Type: Document : Book or Chapter or Journal Article
Recent dramatic and deadly increases in global wildfire activity have increased attention on the causes of wildfires, their consequences, and how risk from wildfire might be mitigated. Here we bring together data on the changing risk and societal burden of wildfire in the United States. We estimate that nearly 50 million homes are...
Author(s): Marshall Burke, Anne Driscoll, Sam Heft-Neal, Jiani Xue, Jennifer Burney, Michael Wara
Year Published: 2021
Type: Document : Book or Chapter or Journal Article
Understanding how abiotic disturbance and biotic interactions determine pollinator and flowering‐plant diversity is critically important given global climate change and widespread pollinator declines. To predict responses of pollinators and flowering‐plant communities to changes in wildfire disturbance, a mechanistic understanding...
Author(s): Joseph A. LaManna, Laura A. Burkle, R. Travis Belote, Jonathan A. Myers
Year Published: 2021
Type: Document : Book or Chapter or Journal Article
Wildfire size and frequency have increased in the western United States since the 1950s, but it is unclear how seeding treatments have altered fire regimes in arid steppe systems. We analyzed how the number of fires since 1955 and the fire return interval and frequency between 1995 and 2015 responded to seeding treatments,...
Author(s): Chris Bowman-Prideaux, Beth A. Newingham, Eva K. Strand
Year Published: 2021
Type: Document : Book or Chapter or Journal Article
Increases in Vapor Pressure Deficit (VPD) have been hypothesized as the primary driver of future fire changes. The Coupled Model Intercomparison Project phase 5 (CMIP5) models agree that western U.S. surface temperatures and associated dryness of air as defined by the VPD will increase in the 21st century for representative...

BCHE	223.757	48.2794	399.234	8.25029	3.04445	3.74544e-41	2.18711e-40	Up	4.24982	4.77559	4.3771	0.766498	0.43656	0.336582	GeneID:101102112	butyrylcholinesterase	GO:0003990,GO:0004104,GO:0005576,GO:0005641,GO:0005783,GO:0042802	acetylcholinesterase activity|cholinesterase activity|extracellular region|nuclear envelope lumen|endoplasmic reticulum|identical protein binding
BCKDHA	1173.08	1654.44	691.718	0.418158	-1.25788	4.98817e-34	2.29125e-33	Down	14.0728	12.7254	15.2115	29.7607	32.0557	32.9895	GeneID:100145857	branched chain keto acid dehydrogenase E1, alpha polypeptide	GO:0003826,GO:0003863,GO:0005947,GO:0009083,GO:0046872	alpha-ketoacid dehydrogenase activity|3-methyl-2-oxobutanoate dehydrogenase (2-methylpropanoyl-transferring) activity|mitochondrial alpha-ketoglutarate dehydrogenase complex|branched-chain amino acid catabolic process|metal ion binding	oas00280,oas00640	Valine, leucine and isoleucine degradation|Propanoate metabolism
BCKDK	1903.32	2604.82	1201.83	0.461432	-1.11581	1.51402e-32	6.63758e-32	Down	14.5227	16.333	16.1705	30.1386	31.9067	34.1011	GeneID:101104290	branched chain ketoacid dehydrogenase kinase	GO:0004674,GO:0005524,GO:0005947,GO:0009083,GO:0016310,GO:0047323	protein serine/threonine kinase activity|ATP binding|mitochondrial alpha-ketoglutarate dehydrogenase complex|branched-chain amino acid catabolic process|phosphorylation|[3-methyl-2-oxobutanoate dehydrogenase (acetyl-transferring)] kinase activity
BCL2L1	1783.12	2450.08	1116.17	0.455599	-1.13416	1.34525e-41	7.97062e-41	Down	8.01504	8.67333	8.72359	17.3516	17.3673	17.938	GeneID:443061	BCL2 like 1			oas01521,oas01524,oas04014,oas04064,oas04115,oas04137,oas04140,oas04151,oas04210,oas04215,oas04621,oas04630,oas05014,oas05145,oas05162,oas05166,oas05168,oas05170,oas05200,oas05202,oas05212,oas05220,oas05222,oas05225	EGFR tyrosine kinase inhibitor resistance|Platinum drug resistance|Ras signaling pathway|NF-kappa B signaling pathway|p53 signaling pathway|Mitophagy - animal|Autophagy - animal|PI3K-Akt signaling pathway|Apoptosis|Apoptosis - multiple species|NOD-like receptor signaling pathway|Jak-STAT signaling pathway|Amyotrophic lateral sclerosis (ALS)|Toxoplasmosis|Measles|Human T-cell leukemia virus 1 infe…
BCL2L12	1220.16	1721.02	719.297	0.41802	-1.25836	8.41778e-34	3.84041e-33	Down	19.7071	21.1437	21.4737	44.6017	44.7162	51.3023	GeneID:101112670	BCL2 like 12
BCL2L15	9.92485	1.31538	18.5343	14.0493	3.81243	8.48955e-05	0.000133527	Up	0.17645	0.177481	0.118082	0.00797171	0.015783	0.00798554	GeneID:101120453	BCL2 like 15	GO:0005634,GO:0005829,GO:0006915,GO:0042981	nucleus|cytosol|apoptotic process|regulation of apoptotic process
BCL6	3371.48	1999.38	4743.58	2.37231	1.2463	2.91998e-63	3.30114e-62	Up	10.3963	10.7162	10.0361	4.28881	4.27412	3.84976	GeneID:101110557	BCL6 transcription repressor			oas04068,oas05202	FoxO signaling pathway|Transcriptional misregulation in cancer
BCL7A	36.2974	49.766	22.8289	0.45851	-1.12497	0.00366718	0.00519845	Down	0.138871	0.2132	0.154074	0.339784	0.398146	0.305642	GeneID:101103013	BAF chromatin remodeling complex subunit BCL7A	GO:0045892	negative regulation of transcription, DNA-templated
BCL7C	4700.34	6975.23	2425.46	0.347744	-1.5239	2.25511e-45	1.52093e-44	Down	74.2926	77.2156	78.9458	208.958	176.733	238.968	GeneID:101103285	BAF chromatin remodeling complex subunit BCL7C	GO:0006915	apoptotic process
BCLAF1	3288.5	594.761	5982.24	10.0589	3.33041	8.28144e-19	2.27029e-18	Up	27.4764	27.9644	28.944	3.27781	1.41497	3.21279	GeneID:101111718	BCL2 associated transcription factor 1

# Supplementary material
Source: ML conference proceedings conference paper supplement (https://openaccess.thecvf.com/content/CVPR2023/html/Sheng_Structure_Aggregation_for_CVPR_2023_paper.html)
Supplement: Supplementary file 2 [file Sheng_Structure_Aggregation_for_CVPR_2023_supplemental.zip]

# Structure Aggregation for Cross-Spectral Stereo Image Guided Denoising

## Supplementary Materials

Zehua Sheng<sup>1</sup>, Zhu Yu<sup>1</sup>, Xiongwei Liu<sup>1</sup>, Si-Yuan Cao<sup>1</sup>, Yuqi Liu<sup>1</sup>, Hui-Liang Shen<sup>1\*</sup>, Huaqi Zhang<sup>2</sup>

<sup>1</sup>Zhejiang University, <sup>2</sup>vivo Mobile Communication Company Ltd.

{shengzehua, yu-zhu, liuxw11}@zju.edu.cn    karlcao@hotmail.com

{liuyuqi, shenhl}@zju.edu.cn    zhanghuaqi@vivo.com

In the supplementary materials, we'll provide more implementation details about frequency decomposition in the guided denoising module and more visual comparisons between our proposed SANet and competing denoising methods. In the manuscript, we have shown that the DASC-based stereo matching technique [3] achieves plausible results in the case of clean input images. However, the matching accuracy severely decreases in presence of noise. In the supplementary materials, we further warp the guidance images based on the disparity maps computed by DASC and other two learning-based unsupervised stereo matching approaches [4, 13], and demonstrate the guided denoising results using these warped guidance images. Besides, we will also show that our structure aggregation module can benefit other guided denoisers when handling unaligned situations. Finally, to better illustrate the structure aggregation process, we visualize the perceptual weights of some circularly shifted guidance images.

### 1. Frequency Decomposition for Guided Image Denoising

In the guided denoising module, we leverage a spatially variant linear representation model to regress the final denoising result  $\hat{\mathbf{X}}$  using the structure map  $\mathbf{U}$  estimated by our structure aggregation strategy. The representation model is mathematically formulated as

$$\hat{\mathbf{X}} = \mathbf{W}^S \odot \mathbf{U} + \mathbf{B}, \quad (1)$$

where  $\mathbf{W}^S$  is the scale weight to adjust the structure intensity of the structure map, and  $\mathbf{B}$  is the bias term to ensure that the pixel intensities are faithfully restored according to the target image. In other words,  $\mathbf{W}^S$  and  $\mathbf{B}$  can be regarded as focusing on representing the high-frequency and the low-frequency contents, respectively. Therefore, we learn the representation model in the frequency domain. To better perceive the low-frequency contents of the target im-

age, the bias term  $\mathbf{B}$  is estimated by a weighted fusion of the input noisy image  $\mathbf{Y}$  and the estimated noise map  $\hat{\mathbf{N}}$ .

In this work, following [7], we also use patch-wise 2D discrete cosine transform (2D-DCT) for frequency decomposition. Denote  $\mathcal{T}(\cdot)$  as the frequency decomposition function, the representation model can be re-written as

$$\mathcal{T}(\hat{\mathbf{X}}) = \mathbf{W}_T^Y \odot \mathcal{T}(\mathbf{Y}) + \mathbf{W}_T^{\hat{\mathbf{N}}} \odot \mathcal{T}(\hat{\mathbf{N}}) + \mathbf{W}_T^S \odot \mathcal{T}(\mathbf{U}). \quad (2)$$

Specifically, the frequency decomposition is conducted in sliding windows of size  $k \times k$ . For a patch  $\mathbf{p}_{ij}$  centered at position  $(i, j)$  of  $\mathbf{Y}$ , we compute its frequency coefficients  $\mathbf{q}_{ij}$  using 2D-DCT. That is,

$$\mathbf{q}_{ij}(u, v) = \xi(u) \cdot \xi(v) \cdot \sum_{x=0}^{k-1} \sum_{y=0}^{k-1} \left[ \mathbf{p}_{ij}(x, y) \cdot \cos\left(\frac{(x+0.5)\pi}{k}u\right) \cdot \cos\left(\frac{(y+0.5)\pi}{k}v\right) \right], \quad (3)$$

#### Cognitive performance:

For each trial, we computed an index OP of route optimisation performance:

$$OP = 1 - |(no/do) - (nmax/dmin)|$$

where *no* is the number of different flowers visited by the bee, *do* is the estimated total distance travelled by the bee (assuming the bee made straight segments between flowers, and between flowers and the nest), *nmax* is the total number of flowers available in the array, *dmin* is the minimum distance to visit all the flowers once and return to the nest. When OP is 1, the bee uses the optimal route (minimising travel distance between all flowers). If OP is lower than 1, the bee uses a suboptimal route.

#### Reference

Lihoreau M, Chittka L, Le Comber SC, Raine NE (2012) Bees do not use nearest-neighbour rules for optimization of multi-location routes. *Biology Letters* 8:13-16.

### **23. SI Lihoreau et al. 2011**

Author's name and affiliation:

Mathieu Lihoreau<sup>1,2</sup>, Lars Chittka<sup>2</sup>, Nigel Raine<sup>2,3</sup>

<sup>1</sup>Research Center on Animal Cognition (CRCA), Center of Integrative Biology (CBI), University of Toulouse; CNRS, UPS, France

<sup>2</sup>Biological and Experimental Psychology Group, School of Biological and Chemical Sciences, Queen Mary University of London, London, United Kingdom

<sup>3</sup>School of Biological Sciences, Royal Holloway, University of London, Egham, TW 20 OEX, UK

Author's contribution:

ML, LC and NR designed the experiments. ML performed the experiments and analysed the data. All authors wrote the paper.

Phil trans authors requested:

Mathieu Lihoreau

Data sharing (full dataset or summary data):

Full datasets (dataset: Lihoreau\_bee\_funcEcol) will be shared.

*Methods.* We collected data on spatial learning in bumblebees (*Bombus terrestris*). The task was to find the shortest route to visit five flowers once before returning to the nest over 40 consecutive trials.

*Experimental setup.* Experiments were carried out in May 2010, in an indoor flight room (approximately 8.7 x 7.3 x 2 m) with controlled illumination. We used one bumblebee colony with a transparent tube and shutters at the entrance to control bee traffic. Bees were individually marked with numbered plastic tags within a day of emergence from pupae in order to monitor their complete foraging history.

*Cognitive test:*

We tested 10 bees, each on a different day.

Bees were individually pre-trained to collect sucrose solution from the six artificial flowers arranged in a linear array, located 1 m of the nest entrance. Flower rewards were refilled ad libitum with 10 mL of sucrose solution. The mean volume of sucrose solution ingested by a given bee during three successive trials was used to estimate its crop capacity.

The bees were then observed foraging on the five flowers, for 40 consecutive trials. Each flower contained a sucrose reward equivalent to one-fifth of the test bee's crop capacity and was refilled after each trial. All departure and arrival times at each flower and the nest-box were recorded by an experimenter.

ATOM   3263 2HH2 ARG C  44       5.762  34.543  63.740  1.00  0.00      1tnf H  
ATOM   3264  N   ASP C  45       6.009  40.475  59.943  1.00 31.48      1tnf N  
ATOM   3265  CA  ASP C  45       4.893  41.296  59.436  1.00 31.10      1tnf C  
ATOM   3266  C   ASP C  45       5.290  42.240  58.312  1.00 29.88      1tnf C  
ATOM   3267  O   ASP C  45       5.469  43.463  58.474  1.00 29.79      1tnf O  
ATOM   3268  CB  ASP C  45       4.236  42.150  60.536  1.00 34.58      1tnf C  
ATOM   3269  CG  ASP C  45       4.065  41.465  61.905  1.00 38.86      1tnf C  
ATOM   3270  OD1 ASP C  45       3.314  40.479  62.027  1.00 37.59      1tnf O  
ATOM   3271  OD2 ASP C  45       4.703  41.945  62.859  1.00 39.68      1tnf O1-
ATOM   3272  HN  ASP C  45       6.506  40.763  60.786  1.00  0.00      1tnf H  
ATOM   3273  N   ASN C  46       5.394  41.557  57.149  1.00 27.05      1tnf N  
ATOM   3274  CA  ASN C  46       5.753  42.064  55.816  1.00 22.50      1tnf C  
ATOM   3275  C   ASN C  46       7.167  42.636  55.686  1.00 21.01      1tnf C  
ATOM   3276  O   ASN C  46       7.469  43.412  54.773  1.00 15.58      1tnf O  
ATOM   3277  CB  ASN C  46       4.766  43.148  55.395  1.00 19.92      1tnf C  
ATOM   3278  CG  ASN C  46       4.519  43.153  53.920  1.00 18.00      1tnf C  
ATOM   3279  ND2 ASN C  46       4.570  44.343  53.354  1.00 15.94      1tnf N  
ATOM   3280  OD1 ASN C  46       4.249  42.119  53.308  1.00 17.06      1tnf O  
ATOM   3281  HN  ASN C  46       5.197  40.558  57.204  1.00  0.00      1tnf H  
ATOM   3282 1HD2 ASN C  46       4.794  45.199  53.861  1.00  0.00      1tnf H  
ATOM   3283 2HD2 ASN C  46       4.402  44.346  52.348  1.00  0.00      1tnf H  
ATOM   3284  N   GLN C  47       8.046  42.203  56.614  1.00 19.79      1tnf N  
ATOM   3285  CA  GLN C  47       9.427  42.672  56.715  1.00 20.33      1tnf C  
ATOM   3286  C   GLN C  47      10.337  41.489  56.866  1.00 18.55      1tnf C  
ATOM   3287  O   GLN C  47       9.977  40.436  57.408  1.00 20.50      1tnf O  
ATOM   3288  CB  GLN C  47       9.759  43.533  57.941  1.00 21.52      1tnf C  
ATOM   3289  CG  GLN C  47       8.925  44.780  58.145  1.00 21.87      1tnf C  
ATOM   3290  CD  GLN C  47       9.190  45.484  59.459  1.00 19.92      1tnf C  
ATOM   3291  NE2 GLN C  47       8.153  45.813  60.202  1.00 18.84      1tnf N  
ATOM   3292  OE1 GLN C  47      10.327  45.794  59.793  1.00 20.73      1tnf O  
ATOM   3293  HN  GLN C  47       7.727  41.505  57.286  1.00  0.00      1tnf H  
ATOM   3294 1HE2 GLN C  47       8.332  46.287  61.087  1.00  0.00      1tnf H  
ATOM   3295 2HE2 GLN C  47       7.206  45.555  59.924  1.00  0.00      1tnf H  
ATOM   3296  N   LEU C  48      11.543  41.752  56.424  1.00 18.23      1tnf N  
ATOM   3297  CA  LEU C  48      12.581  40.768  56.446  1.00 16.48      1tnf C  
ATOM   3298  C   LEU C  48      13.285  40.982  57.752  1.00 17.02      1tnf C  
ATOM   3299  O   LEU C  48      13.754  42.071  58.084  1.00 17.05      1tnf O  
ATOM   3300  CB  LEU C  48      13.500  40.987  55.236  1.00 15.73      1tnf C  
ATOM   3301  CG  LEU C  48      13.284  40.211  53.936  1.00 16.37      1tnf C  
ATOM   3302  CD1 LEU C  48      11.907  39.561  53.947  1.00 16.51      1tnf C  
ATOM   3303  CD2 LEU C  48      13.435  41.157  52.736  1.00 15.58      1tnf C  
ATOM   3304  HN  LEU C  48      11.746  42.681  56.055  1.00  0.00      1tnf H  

Author(s): Steven J. Brey, Elizabeth A. Barnes, Jeffrey R. Pierce, Abigail L. S. Swann, Emily V. Fischer
Year Published: 2021
Type: Document : Book or Chapter or Journal Article
Global wildfire activity has experienced a dramatic surge since 2017. From Chile to Indonesia, unprecedented fire behavior has occurred in many areas worldwide including, but not limited to, Portugal, Siberia, Australia, the Amazon and Orinoco basins, and the Western US. This surge in global wildfire activity has led to a dramatic...
Author(s): Víctor Resco de Dios, Rachael H. Nolan
Year Published: 2021
Type: Document : Book or Chapter or Journal Article
The 2020 fire season in the western United States (the West) has been staggering: over 2.5 million ha have burned as of 30 September, including over 1.5 million ha in California (3.7% of the state), in part from five of the six largest fires in state history; over 760,000 ha have burned in Oregon and Washington, most occurring...
Author(s): Philip E. Higuera, John T. Abatzoglou
Year Published: 2021
Type: Document : Book or Chapter or Journal Article

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These resources are compiled in partnership with the Joint Fire Science Program (JFSP), Fire Research and Management Exchange System (FRAMES), and Fire Effects Information System (FEIS).